The main opposition candidate Alyaksandr Milinkevich urged some 6,000 supporters at a rock concert in Minsk last night to take to the streets after polls close to keep the count honest.
Lukashenka has vowed there will be no revolution in Belarus. The KGB security service has said any protesters who take to the streets could be charged with "terrorism."
Yesterday, the EU foreign policy chief Javier Solana said violence against peaceful protests "would meet with a strong international reaction."
During campaigning, dozens of opposition activists were fined or sentenced to short term jail terms. International observers and reporters have been denied entry or deported. Yesterday, three activists from Russia's liberal Yabloko party were detained in Gomel, a major Belarusian city.
An anti-Lukashenka demonstration in Warsaw on February 22 (RFE/RL)
LOOKING OVER THE FENCE: In the 12 months leading up to today's presidential elections, Polish citizens have taken a strong interest in the fate of their neighbors, the Belarusians. Some say this is because the two countries are geographically linked and it is in Poland's best interest to be surrounded by democratic friends. Others say it is because of Poland's own strong history fighting against oppression. Regardless of the reason, one thing is indisputable: Poland is almost as invested in the results of the March 19 election as Belarus is....(more)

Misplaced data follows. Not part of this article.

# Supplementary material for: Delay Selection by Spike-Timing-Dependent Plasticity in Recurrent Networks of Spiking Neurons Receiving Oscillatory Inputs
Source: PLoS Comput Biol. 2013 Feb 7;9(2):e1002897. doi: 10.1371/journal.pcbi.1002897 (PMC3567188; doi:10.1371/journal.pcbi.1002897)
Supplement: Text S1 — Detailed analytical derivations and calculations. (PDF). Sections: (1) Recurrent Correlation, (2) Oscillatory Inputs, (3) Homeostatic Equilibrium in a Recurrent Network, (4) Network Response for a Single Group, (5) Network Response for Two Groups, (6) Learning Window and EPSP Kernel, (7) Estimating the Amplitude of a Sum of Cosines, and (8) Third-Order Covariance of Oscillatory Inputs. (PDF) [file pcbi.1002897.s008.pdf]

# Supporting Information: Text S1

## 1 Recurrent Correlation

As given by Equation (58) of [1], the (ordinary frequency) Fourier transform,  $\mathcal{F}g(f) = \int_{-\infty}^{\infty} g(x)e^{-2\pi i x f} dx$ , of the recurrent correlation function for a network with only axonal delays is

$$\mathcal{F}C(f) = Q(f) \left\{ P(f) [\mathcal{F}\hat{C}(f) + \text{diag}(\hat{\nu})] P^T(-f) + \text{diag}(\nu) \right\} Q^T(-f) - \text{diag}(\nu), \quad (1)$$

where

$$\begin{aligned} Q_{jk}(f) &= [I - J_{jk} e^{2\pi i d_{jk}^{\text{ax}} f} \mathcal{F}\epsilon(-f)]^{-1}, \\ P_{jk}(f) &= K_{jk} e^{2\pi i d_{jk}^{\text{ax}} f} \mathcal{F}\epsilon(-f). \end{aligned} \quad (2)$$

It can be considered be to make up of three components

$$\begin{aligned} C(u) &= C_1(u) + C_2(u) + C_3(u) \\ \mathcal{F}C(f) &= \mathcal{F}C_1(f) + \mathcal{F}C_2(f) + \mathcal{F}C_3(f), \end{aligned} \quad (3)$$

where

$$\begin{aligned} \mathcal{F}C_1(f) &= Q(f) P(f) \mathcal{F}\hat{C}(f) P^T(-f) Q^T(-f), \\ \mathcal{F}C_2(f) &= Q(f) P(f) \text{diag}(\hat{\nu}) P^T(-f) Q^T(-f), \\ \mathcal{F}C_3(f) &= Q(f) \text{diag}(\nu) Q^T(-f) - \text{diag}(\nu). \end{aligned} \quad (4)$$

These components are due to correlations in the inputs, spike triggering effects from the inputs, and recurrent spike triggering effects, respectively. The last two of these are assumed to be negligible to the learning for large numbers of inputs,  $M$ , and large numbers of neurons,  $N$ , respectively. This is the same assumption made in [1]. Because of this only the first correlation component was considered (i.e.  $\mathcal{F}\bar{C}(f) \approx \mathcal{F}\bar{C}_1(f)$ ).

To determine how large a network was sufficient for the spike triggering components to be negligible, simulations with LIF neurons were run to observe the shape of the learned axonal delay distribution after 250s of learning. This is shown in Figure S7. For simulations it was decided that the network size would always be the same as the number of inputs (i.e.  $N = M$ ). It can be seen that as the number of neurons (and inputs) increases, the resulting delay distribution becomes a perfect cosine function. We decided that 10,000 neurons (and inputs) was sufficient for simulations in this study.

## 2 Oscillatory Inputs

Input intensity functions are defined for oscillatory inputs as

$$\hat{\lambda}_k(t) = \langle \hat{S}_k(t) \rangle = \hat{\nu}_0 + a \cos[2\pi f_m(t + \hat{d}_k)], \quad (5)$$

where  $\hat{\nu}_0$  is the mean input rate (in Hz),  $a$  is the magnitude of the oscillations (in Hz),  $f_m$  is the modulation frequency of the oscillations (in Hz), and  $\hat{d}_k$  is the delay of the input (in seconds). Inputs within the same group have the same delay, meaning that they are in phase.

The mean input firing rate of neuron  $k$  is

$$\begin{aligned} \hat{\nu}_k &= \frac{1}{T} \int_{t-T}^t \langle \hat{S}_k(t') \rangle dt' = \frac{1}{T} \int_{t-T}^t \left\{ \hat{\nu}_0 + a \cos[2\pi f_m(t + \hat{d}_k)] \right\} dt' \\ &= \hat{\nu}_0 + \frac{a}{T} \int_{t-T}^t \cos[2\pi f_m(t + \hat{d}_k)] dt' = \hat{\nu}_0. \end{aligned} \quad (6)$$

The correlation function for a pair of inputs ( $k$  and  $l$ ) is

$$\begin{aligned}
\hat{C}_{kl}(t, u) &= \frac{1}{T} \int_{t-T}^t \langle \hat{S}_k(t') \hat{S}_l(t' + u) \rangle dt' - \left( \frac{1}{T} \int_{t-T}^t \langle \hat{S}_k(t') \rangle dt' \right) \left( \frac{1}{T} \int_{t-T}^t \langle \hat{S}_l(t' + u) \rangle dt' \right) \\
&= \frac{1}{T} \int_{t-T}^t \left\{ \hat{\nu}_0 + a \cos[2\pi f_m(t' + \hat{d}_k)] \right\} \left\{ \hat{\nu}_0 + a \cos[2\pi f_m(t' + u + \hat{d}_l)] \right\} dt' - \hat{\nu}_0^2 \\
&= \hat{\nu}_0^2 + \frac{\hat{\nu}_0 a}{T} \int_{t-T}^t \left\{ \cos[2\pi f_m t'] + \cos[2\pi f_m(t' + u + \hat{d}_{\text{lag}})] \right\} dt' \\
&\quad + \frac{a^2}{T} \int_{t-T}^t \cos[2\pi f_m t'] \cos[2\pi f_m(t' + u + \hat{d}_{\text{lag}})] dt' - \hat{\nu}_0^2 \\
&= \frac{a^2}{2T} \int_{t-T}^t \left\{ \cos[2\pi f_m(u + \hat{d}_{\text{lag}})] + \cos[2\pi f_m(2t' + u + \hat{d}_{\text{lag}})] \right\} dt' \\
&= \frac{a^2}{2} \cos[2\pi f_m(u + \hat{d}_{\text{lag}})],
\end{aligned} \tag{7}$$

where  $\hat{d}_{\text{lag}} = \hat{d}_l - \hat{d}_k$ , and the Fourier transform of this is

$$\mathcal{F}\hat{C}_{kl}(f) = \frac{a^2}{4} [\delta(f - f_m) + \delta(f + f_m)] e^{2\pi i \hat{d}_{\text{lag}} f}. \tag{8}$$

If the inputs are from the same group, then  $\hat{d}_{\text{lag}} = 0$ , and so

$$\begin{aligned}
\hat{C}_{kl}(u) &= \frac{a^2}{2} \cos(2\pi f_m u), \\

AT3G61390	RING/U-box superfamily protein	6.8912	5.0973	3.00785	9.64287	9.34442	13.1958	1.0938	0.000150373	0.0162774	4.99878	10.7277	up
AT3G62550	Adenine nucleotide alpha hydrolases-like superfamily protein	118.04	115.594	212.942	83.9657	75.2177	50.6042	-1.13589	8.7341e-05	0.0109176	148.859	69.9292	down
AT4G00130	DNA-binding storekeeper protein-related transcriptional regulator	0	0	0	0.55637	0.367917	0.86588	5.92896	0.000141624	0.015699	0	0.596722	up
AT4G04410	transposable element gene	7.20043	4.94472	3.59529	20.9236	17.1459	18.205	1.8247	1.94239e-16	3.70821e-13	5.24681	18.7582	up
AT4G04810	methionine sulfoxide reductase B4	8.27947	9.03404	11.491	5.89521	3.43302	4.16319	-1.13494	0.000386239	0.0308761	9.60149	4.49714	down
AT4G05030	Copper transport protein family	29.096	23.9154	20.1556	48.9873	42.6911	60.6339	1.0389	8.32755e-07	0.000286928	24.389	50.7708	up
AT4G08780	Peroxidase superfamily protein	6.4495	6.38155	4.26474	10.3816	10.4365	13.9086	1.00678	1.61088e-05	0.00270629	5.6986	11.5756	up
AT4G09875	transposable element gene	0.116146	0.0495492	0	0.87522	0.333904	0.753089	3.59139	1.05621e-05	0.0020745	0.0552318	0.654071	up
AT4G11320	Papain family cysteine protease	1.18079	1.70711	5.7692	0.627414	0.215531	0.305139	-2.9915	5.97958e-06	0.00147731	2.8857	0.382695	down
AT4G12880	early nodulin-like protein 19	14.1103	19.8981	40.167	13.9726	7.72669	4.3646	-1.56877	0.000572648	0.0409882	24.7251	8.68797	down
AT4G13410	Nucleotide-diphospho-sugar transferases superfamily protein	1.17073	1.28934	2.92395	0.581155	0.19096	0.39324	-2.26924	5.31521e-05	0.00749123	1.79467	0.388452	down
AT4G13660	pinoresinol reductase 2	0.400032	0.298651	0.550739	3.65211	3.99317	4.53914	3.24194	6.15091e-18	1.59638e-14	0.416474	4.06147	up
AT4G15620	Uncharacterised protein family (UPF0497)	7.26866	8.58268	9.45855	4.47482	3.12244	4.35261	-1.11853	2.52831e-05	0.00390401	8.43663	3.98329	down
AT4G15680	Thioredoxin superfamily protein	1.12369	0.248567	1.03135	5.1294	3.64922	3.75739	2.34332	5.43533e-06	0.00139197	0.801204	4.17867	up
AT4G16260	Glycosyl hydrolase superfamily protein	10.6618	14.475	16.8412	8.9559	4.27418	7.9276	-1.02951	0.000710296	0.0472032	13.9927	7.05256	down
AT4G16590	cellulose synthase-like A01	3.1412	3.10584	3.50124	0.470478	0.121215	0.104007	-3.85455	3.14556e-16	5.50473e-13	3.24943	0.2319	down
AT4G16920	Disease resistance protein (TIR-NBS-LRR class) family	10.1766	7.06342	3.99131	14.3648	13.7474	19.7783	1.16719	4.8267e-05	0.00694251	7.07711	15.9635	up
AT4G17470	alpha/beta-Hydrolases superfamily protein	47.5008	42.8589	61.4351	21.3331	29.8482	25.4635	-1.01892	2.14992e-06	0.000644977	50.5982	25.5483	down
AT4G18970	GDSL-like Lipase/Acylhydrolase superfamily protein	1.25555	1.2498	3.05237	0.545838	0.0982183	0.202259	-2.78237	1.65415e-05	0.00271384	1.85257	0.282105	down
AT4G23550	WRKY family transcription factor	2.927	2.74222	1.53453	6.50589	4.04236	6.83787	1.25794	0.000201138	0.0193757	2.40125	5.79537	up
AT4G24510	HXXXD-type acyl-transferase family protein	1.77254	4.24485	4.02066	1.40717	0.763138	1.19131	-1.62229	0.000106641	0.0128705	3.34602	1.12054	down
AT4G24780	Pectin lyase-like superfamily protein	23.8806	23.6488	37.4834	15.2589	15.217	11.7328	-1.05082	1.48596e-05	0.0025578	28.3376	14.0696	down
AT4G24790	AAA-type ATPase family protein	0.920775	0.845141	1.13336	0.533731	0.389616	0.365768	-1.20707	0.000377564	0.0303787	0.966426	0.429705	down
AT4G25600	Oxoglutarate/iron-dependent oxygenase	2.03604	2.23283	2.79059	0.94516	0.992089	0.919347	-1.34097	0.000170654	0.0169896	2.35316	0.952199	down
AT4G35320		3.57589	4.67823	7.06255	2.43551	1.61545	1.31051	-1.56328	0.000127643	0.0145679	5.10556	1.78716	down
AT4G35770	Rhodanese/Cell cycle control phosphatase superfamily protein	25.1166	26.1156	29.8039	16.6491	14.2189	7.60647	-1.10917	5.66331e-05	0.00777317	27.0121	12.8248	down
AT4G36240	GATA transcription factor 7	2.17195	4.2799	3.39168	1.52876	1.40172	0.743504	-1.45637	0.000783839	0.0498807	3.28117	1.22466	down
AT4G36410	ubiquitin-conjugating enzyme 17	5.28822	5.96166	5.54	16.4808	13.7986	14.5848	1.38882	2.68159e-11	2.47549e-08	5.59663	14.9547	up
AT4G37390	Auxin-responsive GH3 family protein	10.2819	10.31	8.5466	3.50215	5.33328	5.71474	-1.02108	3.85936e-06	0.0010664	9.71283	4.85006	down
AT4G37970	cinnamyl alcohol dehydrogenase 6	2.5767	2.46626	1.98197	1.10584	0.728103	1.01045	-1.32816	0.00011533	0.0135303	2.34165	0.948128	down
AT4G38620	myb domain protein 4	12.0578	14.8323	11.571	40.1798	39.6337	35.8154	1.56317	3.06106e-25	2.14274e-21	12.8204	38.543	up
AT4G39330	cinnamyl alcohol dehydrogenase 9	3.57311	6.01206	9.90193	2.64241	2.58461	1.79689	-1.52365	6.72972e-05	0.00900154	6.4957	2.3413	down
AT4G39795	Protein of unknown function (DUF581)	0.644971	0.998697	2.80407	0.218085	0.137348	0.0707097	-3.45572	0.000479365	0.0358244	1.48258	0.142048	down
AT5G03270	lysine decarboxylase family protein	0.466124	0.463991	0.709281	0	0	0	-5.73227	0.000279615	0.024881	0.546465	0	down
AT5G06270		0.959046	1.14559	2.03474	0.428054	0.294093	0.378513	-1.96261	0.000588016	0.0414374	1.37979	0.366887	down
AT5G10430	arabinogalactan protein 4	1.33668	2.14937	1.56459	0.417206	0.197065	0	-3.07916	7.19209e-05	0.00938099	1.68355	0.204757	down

MEET THE CANDIDATES: Read brief biographies of the four candidates in the March 19 election.